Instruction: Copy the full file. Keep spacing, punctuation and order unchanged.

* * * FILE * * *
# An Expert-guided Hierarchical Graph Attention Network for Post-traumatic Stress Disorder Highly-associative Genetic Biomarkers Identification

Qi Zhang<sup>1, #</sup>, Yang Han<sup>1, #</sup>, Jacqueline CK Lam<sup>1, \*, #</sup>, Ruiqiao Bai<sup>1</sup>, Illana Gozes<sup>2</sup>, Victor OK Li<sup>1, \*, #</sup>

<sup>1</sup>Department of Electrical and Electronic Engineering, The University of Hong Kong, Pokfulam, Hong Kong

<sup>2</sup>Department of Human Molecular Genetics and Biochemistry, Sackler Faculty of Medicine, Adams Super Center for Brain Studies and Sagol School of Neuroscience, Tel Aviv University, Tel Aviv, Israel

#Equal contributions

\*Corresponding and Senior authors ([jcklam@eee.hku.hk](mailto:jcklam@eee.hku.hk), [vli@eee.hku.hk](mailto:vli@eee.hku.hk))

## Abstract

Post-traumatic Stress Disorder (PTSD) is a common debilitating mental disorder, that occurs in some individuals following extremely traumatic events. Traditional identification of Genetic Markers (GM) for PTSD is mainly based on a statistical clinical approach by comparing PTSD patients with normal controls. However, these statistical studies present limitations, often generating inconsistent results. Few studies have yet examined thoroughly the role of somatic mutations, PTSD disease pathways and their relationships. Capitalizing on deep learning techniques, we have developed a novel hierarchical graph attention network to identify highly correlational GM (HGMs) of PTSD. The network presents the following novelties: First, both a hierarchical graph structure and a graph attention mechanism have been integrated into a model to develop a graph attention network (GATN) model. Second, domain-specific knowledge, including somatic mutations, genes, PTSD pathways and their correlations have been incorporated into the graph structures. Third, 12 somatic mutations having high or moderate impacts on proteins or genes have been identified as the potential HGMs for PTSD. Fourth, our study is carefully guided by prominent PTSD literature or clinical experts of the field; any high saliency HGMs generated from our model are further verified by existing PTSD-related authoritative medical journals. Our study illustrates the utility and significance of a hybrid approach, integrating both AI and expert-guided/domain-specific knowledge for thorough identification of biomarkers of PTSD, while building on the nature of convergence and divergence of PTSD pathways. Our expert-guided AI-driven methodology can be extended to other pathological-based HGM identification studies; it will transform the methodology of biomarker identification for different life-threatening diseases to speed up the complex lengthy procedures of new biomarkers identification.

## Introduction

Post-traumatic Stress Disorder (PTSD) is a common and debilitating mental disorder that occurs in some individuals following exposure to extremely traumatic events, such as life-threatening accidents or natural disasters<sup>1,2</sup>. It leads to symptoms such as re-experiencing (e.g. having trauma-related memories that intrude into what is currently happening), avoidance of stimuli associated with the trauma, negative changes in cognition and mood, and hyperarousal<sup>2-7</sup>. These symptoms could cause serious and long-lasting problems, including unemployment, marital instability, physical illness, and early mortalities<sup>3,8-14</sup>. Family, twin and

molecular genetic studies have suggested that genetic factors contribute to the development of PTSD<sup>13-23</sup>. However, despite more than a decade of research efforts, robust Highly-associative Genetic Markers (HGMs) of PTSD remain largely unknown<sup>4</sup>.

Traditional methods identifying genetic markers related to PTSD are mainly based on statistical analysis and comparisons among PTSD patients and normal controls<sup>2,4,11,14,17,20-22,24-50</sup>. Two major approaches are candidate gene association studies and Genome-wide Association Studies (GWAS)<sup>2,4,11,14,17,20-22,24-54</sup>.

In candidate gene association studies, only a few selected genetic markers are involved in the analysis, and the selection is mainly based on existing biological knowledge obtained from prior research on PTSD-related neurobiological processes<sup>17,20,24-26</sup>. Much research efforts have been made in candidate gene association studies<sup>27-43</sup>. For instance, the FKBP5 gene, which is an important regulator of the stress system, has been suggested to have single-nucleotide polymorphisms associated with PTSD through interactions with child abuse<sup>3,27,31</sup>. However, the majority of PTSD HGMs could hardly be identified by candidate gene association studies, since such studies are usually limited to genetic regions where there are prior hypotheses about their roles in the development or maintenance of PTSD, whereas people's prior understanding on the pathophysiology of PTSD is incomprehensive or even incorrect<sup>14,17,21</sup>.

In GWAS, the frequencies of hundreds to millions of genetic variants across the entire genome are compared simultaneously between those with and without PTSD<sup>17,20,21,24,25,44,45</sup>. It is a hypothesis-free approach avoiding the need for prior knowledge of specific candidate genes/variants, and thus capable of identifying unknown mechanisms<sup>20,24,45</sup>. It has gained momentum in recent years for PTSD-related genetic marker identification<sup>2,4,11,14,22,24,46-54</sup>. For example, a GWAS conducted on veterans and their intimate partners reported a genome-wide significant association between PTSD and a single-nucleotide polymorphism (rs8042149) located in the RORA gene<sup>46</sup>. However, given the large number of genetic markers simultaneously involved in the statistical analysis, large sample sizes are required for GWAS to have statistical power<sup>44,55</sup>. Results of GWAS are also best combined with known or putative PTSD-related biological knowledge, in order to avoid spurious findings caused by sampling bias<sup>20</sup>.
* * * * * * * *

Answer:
# An Expert-guided Hierarchical Graph Attention Network for Post-traumatic Stress Disorder Highly-associative Genetic Biomarkers Identification

Qi Zhang<sup>1, #</sup>, Yang Han<sup>1, #</sup>, Jacqueline CK Lam<sup>1, \*, #</sup>, Ruiqiao Bai<sup>1</sup>, Illana Gozes<sup>2</sup>, Victor OK Li<sup>1, \*, #</sup>

<sup>1</sup>Department of Electrical and Electronic Engineering, The University of Hong Kong, Pokfulam, Hong Kong

<sup>2</sup>Department of Human Molecular Genetics and Biochemistry, Sackler Faculty of Medicine, Adams Super Center for Brain Studies and Sagol School of Neuroscience, Tel Aviv University, Tel Aviv, Israel

#Equal contributions

\*Corresponding and Senior authors ([jcklam@eee.hku.hk](mailto:jcklam@eee.hku.hk), [vli@eee.hku.hk](mailto:vli@eee.hku.hk))

## Abstract

Post-traumatic Stress Disorder (PTSD) is a common debilitating mental disorder, that occurs in some individuals following extremely traumatic events. Traditional identification of Genetic Markers (GM) for PTSD is mainly based on a statistical clinical approach by comparing PTSD patients with normal controls. However, these statistical studies present limitations, often generating inconsistent results. Few studies have yet examined thoroughly the role of somatic mutations, PTSD disease pathways and their relationships. Capitalizing on deep learning techniques, we have developed a novel hierarchical graph attention network to identify highly correlational GM (HGMs) of PTSD. The network presents the following novelties: First, both a hierarchical graph structure and a graph attention mechanism have been integrated into a model to develop a graph attention network (GATN) model. Second, domain-specific knowledge, including somatic mutations, genes, PTSD pathways and their correlations have been incorporated into the graph structures. Third, 12 somatic mutations having high or moderate impacts on proteins or genes have been identified as the potential HGMs for PTSD. Fourth, our study is carefully guided by prominent PTSD literature or clinical experts of the field; any high saliency HGMs generated from our model are further verified by existing PTSD-related authoritative medical journals. Our study illustrates the utility and significance of a hybrid approach, integrating both AI and expert-guided/domain-specific knowledge for thorough identification of biomarkers of PTSD, while building on the nature of convergence and divergence of PTSD pathways. Our expert-guided AI-driven methodology can be extended to other pathological-based HGM identification studies; it will transform the methodology of biomarker identification for different life-threatening diseases to speed up the complex lengthy procedures of new biomarkers identification.

## Introduction

Post-traumatic Stress Disorder (PTSD) is a common and debilitating mental disorder that occurs in some individuals following exposure to extremely traumatic events, such as life-threatening accidents or natural disasters<sup>1,2</sup>. It leads to symptoms such as re-experiencing (e.g. having trauma-related memories that intrude into what is currently happening), avoidance of stimuli associated with the trauma, negative changes in cognition and mood, and hyperarousal<sup>2-7</sup>. These symptoms could cause serious and long-lasting problems, including unemployment, marital instability, physical illness, and early mortalities<sup>3,8-14</sup>. Family, twin and

molecular genetic studies have suggested that genetic factors contribute to the development of PTSD<sup>13-23</sup>. However, despite more than a decade of research efforts, robust Highly-associative Genetic Markers (HGMs) of PTSD remain largely unknown<sup>4</sup>.

Traditional methods identifying genetic markers related to PTSD are mainly based on statistical analysis and comparisons among PTSD patients and normal controls<sup>2,4,11,14,17,20-22,24-50</sup>. Two major approaches are candidate gene association studies and Genome-wide Association Studies (GWAS)<sup>2,4,11,14,17,20-22,24-54</sup>.

In candidate gene association studies, only a few selected genetic markers are involved in the analysis, and the selection is mainly based on existing biological knowledge obtained from prior research on PTSD-related neurobiological processes<sup>17,20,24-26</sup>. Much research efforts have been made in candidate gene association studies<sup>27-43</sup>. For instance, the FKBP5 gene, which is an important regulator of the stress system, has been suggested to have single-nucleotide polymorphisms associated with PTSD through interactions with child abuse<sup>3,27,31</sup>. However, the majority of PTSD HGMs could hardly be identified by candidate gene association studies, since such studies are usually limited to genetic regions where there are prior hypotheses about their roles in the development or maintenance of PTSD, whereas people's prior understanding on the pathophysiology of PTSD is incomprehensive or even incorrect<sup>14,17,21</sup>.

In GWAS, the frequencies of hundreds to millions of genetic variants across the entire genome are compared simultaneously between those with and without PTSD<sup>17,20,21,24,25,44,45</sup>. It is a hypothesis-free approach avoiding the need for prior knowledge of specific candidate genes/variants, and thus capable of identifying unknown mechanisms<sup>20,24,45</sup>. It has gained momentum in recent years for PTSD-related genetic marker identification<sup>2,4,11,14,22,24,46-54</sup>. For example, a GWAS conducted on veterans and their intimate partners reported a genome-wide significant association between PTSD and a single-nucleotide polymorphism (rs8042149) located in the RORA gene<sup>46</sup>. However, given the large number of genetic markers simultaneously involved in the statistical analysis, large sample sizes are required for GWAS to have statistical power<sup>44,55</sup>. Results of GWAS are also best combined with known or putative PTSD-related biological knowledge, in order to avoid spurious findings caused by sampling bias<sup>20</sup>.